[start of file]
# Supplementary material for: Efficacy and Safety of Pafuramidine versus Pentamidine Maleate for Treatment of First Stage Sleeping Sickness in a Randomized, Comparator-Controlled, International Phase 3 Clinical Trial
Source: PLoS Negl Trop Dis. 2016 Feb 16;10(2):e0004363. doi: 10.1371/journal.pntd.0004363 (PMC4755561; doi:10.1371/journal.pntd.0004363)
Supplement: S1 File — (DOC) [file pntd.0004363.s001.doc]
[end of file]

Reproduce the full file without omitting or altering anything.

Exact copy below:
# Supplementary material for: Efficacy and Safety of Pafuramidine versus Pentamidine Maleate for Treatment of First Stage Sleeping Sickness in a Randomized, Comparator-Controlled, International Phase 3 Clinical Trial
Source: PLoS Negl Trop Dis. 2016 Feb 16;10(2):e0004363. doi: 10.1371/journal.pntd.0004363 (PMC4755561; doi:10.1371/journal.pntd.0004363)
Supplement: S1 File — (DOC) [file pntd.0004363.s001.doc]